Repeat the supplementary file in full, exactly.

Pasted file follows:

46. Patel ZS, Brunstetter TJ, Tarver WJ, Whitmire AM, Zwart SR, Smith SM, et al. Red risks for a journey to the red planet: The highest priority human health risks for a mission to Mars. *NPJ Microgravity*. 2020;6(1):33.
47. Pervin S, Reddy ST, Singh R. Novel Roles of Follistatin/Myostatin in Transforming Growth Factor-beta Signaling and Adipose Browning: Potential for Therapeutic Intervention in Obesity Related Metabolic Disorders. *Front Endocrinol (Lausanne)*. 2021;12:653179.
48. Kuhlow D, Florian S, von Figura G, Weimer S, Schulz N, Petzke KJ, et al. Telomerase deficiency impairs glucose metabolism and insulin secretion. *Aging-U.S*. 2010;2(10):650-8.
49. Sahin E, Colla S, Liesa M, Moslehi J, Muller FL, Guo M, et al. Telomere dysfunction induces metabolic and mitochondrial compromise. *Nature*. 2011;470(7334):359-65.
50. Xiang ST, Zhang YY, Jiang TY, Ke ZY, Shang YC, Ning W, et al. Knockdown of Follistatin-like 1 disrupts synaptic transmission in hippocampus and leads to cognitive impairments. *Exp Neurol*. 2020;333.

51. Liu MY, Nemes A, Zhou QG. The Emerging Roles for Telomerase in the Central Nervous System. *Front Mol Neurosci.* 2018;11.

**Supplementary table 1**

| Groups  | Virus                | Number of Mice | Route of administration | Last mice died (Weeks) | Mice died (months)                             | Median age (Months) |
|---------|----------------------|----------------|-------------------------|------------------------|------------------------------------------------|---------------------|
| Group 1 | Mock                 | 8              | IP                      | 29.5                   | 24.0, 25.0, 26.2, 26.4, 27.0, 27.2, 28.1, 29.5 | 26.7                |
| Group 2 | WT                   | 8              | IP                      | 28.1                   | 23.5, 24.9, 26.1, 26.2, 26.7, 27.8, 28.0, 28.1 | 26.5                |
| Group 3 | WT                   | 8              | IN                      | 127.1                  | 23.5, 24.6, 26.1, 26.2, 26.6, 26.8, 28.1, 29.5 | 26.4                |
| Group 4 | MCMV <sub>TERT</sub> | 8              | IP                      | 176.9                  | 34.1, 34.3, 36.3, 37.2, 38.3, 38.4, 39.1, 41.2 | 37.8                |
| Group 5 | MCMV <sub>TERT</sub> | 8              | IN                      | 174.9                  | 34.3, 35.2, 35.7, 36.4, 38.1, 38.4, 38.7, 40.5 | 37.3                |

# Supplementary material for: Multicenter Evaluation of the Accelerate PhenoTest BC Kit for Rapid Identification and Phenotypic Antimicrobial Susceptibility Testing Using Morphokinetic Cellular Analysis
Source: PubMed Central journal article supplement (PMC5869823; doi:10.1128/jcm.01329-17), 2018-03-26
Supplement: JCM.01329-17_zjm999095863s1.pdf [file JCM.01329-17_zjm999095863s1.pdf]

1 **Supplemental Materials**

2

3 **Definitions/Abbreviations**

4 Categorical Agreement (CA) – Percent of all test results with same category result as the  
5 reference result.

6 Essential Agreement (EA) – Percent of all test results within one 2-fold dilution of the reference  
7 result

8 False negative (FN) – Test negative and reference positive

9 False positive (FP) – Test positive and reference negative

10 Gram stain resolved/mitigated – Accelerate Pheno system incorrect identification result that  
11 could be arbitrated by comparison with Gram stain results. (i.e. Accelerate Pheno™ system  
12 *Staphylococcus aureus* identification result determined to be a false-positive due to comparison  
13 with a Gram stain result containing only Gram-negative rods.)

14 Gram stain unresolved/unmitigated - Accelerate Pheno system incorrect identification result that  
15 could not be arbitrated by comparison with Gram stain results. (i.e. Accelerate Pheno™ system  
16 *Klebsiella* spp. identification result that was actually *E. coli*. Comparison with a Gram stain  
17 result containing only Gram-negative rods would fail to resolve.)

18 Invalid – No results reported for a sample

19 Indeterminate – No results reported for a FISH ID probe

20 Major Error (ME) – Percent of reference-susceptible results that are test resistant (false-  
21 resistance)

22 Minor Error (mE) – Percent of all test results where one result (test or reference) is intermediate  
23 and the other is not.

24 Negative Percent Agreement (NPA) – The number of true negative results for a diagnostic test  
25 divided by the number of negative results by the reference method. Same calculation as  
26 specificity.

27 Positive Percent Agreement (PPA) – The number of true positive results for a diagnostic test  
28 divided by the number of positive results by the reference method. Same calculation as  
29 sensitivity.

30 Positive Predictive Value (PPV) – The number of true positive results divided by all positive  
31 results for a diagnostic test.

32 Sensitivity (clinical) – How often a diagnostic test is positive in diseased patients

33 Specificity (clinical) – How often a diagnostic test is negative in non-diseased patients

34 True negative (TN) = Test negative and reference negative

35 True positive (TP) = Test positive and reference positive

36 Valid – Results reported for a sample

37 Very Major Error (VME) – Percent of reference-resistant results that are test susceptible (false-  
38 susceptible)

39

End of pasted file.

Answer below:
46. Patel ZS, Brunstetter TJ, Tarver WJ, Whitmire AM, Zwart SR, Smith SM, et al. Red risks for a journey to the red planet: The highest priority human health risks for a mission to Mars. *NPJ Microgravity*. 2020;6(1):33.
47. Pervin S, Reddy ST, Singh R. Novel Roles of Follistatin/Myostatin in Transforming Growth Factor-beta Signaling and Adipose Browning: Potential for Therapeutic Intervention in Obesity Related Metabolic Disorders. *Front Endocrinol (Lausanne)*. 2021;12:653179.
48. Kuhlow D, Florian S, von Figura G, Weimer S, Schulz N, Petzke KJ, et al. Telomerase deficiency impairs glucose metabolism and insulin secretion. *Aging-U.S*. 2010;2(10):650-8.
49. Sahin E, Colla S, Liesa M, Moslehi J, Muller FL, Guo M, et al. Telomere dysfunction induces metabolic and mitochondrial compromise. *Nature*. 2011;470(7334):359-65.
50. Xiang ST, Zhang YY, Jiang TY, Ke ZY, Shang YC, Ning W, et al. Knockdown of Follistatin-like 1 disrupts synaptic transmission in hippocampus and leads to cognitive impairments. *Exp Neurol*. 2020;333.

51. Liu MY, Nemes A, Zhou QG. The Emerging Roles for Telomerase in the Central Nervous System. *Front Mol Neurosci.* 2018;11.

**Supplementary table 1**

| Groups  | Virus                | Number of Mice | Route of administration | Last mice died (Weeks) | Mice died (months)                             | Median age (Months) |
|---------|----------------------|----------------|-------------------------|------------------------|------------------------------------------------|---------------------|
| Group 1 | Mock                 | 8              | IP                      | 29.5                   | 24.0, 25.0, 26.2, 26.4, 27.0, 27.2, 28.1, 29.5 | 26.7                |
| Group 2 | WT                   | 8              | IP                      | 28.1                   | 23.5, 24.9, 26.1, 26.2, 26.7, 27.8, 28.0, 28.1 | 26.5                |
| Group 3 | WT                   | 8              | IN                      | 127.1                  | 23.5, 24.6, 26.1, 26.2, 26.6, 26.8, 28.1, 29.5 | 26.4                |
| Group 4 | MCMV <sub>TERT</sub> | 8              | IP                      | 176.9                  | 34.1, 34.3, 36.3, 37.2, 38.3, 38.4, 39.1, 41.2 | 37.8                |
| Group 5 | MCMV <sub>TERT</sub> | 8              | IN                      | 174.9                  | 34.3, 35.2, 35.7, 36.4, 38.1, 38.4, 38.7, 40.5 | 37.3                |

# Supplementary material for: Multicenter Evaluation of the Accelerate PhenoTest BC Kit for Rapid Identification and Phenotypic Antimicrobial Susceptibility Testing Using Morphokinetic Cellular Analysis
Source: PubMed Central journal article supplement (PMC5869823; doi:10.1128/jcm.01329-17), 2018-03-26
Supplement: JCM.01329-17_zjm999095863s1.pdf [file JCM.01329-17_zjm999095863s1.pdf]

1 **Supplemental Materials**

2

3 **Definitions/Abbreviations**

4 Categorical Agreement (CA) – Percent of all test results with same category result as the  
5 reference result.

6 Essential Agreement (EA) – Percent of all test results within one 2-fold dilution of the reference  
7 result

8 False negative (FN) – Test negative and reference positive

9 False positive (FP) – Test positive and reference negative

10 Gram stain resolved/mitigated – Accelerate Pheno system incorrect identification result that  
11 could be arbitrated by comparison with Gram stain results. (i.e. Accelerate Pheno™ system  
12 *Staphylococcus aureus* identification result determined to be a false-positive due to comparison  
13 with a Gram stain result containing only Gram-negative rods.)

14 Gram stain unresolved/unmitigated - Accelerate Pheno system incorrect identification result that  
15 could not be arbitrated by comparison with Gram stain results. (i.e. Accelerate Pheno™ system  
16 *Klebsiella* spp. identification result that was actually *E. coli*. Comparison with a Gram stain  
17 result containing only Gram-negative rods would fail to resolve.)

18 Invalid – No results reported for a sample

19 Indeterminate – No results reported for a FISH ID probe

20 Major Error (ME) – Percent of reference-susceptible results that are test resistant (false-  
21 resistance)

22 Minor Error (mE) – Percent of all test results where one result (test or reference) is intermediate  
23 and the other is not.

24 Negative Percent Agreement (NPA) – The number of true negative results for a diagnostic test  
25 divided by the number of negative results by the reference method. Same calculation as  
26 specificity.

27 Positive Percent Agreement (PPA) – The number of true positive results for a diagnostic test  
28 divided by the number of positive results by the reference method. Same calculation as  
29 sensitivity.

30 Positive Predictive Value (PPV) – The number of true positive results divided by all positive  
31 results for a diagnostic test.

32 Sensitivity (clinical) – How often a diagnostic test is positive in diseased patients

33 Specificity (clinical) – How often a diagnostic test is negative in non-diseased patients

34 True negative (TN) = Test negative and reference negative

35 True positive (TP) = Test positive and reference positive

36 Valid – Results reported for a sample

37 Very Major Error (VME) – Percent of reference-resistant results that are test susceptible (false-  
38 susceptible)

39